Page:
NY State Supreme Court Greenlights Education-Rights Lawsuit Against State Leaders

Governor Cuomo, the New York State Legislature, and the State Education Department have failed to assess and minimize the harmful impact of budget cuts on the educational rights of New York children. In light of the state’s failure to fulfill its constitutional responsibilities, the Campaign for Educational Equity stepped forward to address those information gaps and join other New Yorkers in advocating for the opportunities we all know our children need and deserve.

Over the past few years, CEE’s research findings and policy proposals have been used by policymakers, parents, activists, educators, advocacy groups, and other stakeholders throughout the state. One organization that has utilized our work is New Yorkers for Students’ Educational Rights (NYSER), a coalition of families and major education organizations that sued the State of New York in February on behalf of students who have been denied an adequate education.

Earlier this week, the New York State Supreme Court rejected a motion by the state’s attorneys to dismiss the NYSER litigation, which means the case is likely headed to trial, although there may be some further delays if the state appeals this ruling.

Read more about this important new development in the excerpt below from a November 18th NYSER press release, and please stay tuned for more updates about this and other efforts to defend and advance New York students’ educational rights.


Rejecting the state’s attempt to dismiss a major litigation seeking to enforce the funding and other constitutional mandates established in the landmark Campaign for Fiscal Equity v. State of New York (CFElitigation, Justice Manuel J. Mendez of the New York State Supreme Court, New York County, issued an order today that upholds the right of the plaintiffs in New Yorkers for Students’ Educational Rights (NYSER) to proceed with their litigation against the state, and against Governor Andrew Cuomo and other state defendants.

The NYSER litigation, filed earlier this year, alleges that in 2007, following the Court of Appeals’ final decision in CFE, the governor and the state legislature enacted a major reform act that committed the state to increasing funding for students in the New York City public schools by approximately $5 billion per year, and for students in the rest of the state by approximately $4 billion per year, all to be phased in over a four-year period. Since 2009, however, the state has reneged on these commitments. Although the state has never repealed the 2007 legislation, it has failed to fund schools in accordance with its foundation formula. Despite some increases in state funding for education over the past few years, the state is still $5.6 billion short of the amounts owed under that formula, according to the plaintiffs.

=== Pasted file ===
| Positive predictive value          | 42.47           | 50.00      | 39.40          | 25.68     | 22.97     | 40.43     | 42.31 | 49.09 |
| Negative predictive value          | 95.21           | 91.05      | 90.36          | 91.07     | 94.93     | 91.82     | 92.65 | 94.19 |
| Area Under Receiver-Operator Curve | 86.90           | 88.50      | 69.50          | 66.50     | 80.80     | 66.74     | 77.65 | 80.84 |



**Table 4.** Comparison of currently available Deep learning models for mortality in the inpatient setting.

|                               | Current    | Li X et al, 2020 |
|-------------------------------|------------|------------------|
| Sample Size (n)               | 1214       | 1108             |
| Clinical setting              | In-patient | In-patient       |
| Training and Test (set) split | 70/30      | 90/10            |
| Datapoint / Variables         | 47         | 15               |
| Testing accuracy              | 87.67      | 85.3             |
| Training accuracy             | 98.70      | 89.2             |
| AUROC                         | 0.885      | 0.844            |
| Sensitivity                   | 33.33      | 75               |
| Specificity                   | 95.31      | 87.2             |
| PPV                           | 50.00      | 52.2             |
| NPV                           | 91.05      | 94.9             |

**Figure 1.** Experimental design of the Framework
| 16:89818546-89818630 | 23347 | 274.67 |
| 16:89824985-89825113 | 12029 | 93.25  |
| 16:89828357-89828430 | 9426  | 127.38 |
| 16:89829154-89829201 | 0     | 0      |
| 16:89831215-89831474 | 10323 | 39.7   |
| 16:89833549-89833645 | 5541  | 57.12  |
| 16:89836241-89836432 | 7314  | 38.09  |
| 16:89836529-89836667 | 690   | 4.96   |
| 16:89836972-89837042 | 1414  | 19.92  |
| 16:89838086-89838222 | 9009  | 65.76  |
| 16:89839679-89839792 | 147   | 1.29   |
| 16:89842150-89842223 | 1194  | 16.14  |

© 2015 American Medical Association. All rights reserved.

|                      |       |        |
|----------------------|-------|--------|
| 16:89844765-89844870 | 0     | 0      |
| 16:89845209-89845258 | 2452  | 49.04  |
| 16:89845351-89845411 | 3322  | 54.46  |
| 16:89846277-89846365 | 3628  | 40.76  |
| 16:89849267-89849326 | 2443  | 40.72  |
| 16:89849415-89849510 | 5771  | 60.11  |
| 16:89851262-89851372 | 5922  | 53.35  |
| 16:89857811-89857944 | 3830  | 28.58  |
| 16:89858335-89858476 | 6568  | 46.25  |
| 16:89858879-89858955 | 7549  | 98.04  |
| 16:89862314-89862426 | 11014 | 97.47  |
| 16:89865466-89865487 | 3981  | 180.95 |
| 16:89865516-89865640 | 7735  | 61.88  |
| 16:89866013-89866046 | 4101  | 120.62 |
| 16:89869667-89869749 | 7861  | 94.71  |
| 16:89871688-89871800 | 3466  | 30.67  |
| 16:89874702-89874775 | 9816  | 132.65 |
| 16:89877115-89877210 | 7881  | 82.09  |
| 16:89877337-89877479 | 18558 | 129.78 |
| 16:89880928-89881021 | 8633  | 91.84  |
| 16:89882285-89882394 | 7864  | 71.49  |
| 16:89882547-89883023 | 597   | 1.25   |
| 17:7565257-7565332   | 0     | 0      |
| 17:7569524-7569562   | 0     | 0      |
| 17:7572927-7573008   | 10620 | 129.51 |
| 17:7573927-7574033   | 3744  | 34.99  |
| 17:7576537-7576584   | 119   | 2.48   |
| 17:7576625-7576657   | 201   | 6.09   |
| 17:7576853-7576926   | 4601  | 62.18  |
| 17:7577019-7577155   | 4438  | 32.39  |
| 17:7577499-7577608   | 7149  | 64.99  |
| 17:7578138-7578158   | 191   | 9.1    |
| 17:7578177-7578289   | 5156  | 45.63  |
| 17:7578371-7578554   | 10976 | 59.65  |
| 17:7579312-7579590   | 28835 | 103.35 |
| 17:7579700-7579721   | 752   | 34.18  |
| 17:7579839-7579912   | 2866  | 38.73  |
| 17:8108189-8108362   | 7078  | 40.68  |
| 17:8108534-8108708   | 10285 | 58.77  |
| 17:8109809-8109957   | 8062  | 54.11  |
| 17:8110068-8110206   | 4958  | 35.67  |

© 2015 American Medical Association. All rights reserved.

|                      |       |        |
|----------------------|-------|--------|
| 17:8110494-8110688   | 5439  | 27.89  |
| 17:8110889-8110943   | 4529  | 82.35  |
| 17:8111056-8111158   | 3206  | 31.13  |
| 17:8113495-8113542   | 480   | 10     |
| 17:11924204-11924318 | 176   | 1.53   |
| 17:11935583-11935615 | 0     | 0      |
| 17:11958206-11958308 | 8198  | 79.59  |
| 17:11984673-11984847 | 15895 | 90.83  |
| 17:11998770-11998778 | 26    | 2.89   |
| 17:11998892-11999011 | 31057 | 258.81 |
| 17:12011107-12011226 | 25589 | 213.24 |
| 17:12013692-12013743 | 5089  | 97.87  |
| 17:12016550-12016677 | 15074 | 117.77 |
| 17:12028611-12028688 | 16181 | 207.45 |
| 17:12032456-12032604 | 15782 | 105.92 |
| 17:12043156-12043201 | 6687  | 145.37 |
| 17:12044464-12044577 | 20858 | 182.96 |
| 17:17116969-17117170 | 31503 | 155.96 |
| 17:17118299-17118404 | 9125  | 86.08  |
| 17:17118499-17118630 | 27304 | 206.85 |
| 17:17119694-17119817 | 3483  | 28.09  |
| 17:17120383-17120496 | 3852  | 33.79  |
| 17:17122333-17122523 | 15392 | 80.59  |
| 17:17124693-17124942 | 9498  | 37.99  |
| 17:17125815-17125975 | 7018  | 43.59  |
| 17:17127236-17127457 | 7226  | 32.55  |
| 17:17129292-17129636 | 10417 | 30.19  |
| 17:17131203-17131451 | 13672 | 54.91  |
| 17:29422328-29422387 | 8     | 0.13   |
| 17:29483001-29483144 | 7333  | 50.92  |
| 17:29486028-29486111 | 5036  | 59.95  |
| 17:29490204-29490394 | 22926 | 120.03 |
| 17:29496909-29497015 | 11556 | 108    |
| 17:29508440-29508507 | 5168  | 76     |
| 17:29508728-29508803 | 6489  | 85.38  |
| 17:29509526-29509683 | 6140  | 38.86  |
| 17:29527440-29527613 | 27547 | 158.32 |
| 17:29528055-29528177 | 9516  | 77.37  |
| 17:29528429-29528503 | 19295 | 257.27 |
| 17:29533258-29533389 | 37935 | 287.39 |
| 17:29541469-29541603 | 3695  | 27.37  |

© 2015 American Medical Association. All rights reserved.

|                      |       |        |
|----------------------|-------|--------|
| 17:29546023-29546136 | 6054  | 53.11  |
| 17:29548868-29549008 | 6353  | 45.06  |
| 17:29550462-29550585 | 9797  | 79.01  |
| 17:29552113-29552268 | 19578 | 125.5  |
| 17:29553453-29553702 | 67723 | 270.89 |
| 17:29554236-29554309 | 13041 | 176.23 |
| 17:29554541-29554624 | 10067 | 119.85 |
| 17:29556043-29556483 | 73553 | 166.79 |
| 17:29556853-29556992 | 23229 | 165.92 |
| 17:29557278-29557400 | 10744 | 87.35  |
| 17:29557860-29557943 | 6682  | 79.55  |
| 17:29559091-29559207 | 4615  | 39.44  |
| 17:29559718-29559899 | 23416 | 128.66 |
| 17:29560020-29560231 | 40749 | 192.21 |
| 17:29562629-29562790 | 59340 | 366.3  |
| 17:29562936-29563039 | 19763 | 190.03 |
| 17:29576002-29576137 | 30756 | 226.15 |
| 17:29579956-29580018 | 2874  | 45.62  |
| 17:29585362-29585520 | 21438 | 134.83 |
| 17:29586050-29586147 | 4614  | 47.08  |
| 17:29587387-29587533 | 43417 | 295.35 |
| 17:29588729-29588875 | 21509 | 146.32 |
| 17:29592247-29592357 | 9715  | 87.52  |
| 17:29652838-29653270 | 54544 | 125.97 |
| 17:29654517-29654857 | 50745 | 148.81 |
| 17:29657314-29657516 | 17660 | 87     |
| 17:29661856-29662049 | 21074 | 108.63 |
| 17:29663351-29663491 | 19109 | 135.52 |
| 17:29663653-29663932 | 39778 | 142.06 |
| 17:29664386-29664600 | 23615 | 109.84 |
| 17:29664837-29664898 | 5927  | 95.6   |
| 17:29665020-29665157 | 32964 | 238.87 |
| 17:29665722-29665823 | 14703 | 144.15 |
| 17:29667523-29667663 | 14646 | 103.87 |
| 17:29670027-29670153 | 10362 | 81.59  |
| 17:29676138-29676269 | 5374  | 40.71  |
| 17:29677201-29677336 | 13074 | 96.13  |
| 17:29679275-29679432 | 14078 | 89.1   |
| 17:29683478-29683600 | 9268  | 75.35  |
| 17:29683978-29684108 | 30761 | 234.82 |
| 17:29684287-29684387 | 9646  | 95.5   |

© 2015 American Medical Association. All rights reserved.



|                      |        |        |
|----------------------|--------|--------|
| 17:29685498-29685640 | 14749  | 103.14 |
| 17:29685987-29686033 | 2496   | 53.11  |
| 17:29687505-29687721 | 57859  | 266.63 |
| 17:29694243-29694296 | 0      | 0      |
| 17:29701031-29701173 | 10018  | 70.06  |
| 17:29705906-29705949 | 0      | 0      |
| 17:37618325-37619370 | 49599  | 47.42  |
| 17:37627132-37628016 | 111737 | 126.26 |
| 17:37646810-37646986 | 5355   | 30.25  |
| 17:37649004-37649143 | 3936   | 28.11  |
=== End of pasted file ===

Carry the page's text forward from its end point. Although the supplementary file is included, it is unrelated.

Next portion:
Referring specifically to some of the devices and mechanisms the state has used to reduce its education appropriations, Justice Mendez held that “the ‘gap elimination adjustment’…. the cap on state-aid increases, the supermajority requirements concerning increases in local property tax levies,” together with penalty provisions imposed on New York City students last year in connection with the implementation of the new teacher evaluation system, all “could potentially be found irrational, arbitrary or capricious and capable of preventing a sound basic education.”

The court also held that “The claims asserted by plaintiffs are not tenuous, there is a potential risk of harm to public school students and to school districts derived from financial distress.”

Justice Mendez also rejected the state’s claim that individual plaintiffs from all of the approximately 700 school districts in the state would need to participate for plaintiffs to proceed with this lawsuit and that NYSER as an organization lacked standing to sue. He held that “This Court will not ‘close the courthouse doors’ on the individual plaintiffs’ potentially viable constitutional claims affecting schoolchildren in New York State,” and that NYSER, whose “stated mission is to ensure that all students in the State of New York receive the opportunity for a sound basic education” also has standing.

The state now has 20 days to file an answer to the complaint, after which preparations for trial can commence.  

To read the full press release, click here.

Coalition Calls for Co-Location Moratorium — Letter to Mayor de Blasio and Chancellor Fariña

November 13, 2014

Mayor Bill de Blasio
City Hall
New York, NY 10007

Chancellor Carmen Fariña
New York City Department of Education
Tweed Courthouse
52 Chambers Street,
New York, NY 10007

Dear Mayor de Blasio and Chancellor Fariña:

The recently released report of the School Space Working Group contains many important recommendations; most critical perhaps are those emphasizing ensuring adequate space in all schools to provide students with disabilities all of the resources, services, and supports to which they are entitled. The group’s recommendations do not, the report acknowledges, address other critical issues of the impact of some co-locations on students’ basic educational rights, issues that disparately affect students with extra educational needs and challenges.

For this reason, we write today to urge you to place a moratorium on proposing any new co-locations until the student rights’ violations in existing co-located schools have been substantially remedied. Many students in New York City are currently constrained by space limitations from receiving the resources necessary for a sound basic education, including smaller classes, the full complement of cluster, specialty, and resource rooms necessary for the full Regents-required curriculum and required academic intervention services, and dedicated spaces for English language learners and students with disabilities to receive their mandated services. Students must also have access to the cafeteria, the library, and the gymnasium at appropriate times and for at least the state-mandated minimum periods.